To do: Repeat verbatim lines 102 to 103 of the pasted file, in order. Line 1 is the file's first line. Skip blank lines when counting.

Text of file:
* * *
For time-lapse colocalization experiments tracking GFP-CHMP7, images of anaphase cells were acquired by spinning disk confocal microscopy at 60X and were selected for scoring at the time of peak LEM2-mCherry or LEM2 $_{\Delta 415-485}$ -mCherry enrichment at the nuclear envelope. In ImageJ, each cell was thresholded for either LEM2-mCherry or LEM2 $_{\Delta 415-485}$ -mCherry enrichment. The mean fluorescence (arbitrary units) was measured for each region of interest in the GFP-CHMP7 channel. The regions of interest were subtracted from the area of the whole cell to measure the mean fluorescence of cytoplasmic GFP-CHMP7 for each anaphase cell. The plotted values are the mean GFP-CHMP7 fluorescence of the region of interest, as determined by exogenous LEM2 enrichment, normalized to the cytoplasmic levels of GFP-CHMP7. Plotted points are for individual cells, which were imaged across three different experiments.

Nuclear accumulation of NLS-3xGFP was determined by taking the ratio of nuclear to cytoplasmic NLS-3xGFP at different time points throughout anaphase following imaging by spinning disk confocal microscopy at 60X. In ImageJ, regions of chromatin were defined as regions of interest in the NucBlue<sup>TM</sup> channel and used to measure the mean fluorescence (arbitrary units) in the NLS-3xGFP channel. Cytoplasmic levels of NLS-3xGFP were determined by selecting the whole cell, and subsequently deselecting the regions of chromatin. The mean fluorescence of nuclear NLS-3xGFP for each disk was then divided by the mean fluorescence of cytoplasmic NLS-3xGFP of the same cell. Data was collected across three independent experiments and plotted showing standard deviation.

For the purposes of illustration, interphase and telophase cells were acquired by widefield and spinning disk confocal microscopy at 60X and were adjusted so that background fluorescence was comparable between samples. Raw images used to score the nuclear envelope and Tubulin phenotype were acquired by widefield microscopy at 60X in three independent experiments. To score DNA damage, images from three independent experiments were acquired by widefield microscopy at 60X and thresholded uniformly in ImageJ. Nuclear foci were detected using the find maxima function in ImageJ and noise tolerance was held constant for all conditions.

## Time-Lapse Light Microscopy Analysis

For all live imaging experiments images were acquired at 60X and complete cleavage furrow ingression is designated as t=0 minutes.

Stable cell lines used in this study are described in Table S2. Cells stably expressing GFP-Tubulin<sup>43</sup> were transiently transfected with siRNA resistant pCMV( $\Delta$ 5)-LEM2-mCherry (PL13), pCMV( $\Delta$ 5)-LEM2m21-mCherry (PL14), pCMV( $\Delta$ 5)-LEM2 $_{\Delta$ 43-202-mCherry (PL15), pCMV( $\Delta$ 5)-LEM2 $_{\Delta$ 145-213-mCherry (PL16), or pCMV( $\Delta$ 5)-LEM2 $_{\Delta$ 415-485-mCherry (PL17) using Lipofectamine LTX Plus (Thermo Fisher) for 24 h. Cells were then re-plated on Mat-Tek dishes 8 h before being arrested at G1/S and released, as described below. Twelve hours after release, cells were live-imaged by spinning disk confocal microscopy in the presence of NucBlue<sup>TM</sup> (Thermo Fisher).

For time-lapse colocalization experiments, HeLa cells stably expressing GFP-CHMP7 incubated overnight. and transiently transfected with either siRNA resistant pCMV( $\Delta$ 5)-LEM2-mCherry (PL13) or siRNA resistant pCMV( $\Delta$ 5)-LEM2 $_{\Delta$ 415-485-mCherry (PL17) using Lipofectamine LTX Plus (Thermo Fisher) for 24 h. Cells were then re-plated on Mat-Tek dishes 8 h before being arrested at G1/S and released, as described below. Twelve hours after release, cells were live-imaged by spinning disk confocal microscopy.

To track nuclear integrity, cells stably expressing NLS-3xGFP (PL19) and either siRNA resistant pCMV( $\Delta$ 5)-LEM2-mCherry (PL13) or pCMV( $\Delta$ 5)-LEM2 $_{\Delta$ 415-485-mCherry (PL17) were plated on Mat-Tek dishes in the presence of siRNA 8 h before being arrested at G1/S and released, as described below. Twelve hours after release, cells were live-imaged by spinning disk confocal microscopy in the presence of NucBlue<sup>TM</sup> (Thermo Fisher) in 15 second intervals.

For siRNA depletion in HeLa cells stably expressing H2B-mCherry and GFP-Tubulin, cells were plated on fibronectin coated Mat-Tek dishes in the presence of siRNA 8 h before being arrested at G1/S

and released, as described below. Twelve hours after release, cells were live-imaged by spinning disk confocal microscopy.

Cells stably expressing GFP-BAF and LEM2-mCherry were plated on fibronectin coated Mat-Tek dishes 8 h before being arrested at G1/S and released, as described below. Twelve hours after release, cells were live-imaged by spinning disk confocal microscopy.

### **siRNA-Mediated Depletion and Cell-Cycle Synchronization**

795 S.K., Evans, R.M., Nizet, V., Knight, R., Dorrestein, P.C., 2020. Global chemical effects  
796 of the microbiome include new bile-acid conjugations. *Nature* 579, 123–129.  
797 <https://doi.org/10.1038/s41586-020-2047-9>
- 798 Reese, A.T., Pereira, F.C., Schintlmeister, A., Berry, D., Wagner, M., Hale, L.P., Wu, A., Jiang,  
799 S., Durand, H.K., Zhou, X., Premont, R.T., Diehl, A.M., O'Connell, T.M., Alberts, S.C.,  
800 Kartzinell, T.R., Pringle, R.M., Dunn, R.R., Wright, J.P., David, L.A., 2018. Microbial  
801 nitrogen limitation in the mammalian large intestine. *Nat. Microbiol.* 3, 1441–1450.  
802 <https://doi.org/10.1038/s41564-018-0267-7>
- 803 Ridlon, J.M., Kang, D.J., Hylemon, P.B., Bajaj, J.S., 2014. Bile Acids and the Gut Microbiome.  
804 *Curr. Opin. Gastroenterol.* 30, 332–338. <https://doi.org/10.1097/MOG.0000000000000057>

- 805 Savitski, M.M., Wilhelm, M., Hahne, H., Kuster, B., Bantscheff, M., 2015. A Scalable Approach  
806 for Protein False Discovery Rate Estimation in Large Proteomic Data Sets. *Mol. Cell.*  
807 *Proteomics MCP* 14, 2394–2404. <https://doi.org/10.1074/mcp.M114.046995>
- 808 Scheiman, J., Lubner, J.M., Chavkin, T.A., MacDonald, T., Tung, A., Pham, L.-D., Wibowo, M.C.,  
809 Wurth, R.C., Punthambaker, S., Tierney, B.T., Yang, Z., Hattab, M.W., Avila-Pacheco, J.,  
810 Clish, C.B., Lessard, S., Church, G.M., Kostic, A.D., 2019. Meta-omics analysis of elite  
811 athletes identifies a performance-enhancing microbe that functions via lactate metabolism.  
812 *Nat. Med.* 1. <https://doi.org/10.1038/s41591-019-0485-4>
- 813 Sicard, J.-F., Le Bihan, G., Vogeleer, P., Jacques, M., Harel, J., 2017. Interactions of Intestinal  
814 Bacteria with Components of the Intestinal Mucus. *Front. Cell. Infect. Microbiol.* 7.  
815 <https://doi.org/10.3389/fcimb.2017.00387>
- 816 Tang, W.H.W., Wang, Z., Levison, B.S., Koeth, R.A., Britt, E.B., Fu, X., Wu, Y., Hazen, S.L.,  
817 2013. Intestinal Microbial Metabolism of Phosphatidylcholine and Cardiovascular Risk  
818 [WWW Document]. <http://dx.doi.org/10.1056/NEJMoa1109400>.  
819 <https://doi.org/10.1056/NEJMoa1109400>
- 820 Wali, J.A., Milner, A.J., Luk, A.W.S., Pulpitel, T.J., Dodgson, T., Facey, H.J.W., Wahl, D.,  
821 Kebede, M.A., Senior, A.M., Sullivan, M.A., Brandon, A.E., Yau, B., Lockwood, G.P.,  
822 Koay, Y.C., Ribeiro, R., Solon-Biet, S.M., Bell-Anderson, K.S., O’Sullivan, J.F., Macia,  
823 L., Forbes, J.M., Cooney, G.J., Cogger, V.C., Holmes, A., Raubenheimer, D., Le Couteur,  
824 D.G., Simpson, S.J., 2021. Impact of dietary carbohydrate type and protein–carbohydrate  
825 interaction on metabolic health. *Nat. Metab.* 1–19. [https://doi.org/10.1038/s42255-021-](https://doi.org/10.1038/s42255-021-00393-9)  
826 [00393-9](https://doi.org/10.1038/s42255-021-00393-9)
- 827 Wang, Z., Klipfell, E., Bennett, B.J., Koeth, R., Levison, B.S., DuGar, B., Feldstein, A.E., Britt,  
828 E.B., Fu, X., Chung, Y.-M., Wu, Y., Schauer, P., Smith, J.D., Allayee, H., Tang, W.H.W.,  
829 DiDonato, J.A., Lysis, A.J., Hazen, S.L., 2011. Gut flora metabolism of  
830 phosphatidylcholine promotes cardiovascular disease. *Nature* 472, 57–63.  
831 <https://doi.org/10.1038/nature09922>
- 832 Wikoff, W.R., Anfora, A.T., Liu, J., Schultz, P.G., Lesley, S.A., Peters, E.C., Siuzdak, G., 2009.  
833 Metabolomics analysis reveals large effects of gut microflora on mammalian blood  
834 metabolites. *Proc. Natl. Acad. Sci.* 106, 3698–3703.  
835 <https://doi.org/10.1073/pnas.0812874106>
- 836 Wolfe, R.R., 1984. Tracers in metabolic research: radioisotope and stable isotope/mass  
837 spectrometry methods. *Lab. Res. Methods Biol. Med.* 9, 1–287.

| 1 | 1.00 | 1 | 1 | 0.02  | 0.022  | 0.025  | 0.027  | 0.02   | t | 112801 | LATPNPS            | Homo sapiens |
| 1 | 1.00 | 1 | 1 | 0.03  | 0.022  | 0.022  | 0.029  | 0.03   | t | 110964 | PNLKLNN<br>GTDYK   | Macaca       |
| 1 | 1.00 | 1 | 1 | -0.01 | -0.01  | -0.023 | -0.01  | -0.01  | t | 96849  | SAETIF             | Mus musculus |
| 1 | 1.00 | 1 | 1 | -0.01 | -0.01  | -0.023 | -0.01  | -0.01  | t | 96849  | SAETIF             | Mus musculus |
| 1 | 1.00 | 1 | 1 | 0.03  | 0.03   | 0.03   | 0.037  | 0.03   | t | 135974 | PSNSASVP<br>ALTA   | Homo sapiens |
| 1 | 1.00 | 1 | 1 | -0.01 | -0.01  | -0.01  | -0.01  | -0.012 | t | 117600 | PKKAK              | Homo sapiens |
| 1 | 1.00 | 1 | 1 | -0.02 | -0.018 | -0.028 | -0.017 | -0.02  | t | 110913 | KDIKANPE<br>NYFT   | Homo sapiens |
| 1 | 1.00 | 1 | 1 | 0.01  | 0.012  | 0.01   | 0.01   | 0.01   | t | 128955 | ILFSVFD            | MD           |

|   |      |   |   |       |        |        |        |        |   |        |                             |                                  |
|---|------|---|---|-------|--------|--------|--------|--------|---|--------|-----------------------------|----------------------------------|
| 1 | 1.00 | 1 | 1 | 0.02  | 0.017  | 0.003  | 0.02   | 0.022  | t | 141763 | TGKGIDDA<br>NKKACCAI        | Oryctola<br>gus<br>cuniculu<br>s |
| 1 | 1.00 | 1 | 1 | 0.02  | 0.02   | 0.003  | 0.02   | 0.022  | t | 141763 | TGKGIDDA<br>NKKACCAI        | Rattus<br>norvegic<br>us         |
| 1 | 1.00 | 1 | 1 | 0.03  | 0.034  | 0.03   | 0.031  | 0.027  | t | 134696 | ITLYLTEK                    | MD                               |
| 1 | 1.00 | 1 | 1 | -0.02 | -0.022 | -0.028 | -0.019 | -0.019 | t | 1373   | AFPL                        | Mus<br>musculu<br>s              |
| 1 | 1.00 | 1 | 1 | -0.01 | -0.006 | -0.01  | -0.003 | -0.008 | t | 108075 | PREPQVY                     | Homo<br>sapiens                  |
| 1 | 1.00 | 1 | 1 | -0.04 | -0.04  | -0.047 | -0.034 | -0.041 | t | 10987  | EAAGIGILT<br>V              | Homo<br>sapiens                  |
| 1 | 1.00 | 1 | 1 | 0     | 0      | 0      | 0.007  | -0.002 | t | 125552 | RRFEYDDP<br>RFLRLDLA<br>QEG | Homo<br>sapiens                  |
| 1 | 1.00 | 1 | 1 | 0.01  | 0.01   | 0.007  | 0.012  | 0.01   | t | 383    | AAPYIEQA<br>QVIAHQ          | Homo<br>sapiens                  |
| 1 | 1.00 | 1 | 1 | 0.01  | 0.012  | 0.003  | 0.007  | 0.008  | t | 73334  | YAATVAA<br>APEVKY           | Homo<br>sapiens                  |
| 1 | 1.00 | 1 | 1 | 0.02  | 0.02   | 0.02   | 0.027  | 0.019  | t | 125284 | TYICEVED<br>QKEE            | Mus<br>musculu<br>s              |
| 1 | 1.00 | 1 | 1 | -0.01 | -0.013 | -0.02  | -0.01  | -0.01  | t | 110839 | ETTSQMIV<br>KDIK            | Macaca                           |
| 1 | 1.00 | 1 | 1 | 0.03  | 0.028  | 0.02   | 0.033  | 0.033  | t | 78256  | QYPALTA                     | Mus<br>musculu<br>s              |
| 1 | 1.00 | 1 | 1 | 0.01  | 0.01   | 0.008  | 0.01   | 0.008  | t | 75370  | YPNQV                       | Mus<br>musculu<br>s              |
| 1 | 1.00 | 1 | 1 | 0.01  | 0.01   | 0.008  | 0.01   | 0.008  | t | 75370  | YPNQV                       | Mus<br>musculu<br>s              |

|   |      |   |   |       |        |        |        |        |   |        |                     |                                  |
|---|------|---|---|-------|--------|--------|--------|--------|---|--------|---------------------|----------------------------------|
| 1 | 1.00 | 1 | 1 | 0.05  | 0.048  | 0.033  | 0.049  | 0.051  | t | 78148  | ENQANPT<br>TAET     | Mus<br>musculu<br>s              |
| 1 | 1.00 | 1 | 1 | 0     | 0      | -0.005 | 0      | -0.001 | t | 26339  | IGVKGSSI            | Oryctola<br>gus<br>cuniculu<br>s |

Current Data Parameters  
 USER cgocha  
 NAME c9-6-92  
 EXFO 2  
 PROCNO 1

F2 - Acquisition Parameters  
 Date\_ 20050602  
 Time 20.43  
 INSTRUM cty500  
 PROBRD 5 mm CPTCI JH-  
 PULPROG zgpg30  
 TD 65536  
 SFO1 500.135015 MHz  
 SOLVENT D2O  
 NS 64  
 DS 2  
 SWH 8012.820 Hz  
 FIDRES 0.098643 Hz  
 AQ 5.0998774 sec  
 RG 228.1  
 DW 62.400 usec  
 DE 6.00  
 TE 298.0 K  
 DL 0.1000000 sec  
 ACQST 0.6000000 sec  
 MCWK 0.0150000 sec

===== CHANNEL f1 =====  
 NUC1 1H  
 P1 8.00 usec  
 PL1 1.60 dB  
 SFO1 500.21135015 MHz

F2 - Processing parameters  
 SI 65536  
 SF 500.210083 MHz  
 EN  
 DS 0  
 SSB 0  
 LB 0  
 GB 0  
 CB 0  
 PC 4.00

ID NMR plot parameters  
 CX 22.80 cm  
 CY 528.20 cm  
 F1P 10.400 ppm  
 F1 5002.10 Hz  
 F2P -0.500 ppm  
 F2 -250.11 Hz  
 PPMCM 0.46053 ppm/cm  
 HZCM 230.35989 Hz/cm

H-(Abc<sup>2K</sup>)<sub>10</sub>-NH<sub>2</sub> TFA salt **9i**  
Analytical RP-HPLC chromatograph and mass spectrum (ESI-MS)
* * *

 AQ 5.0998774 sec  
 RG 228.1  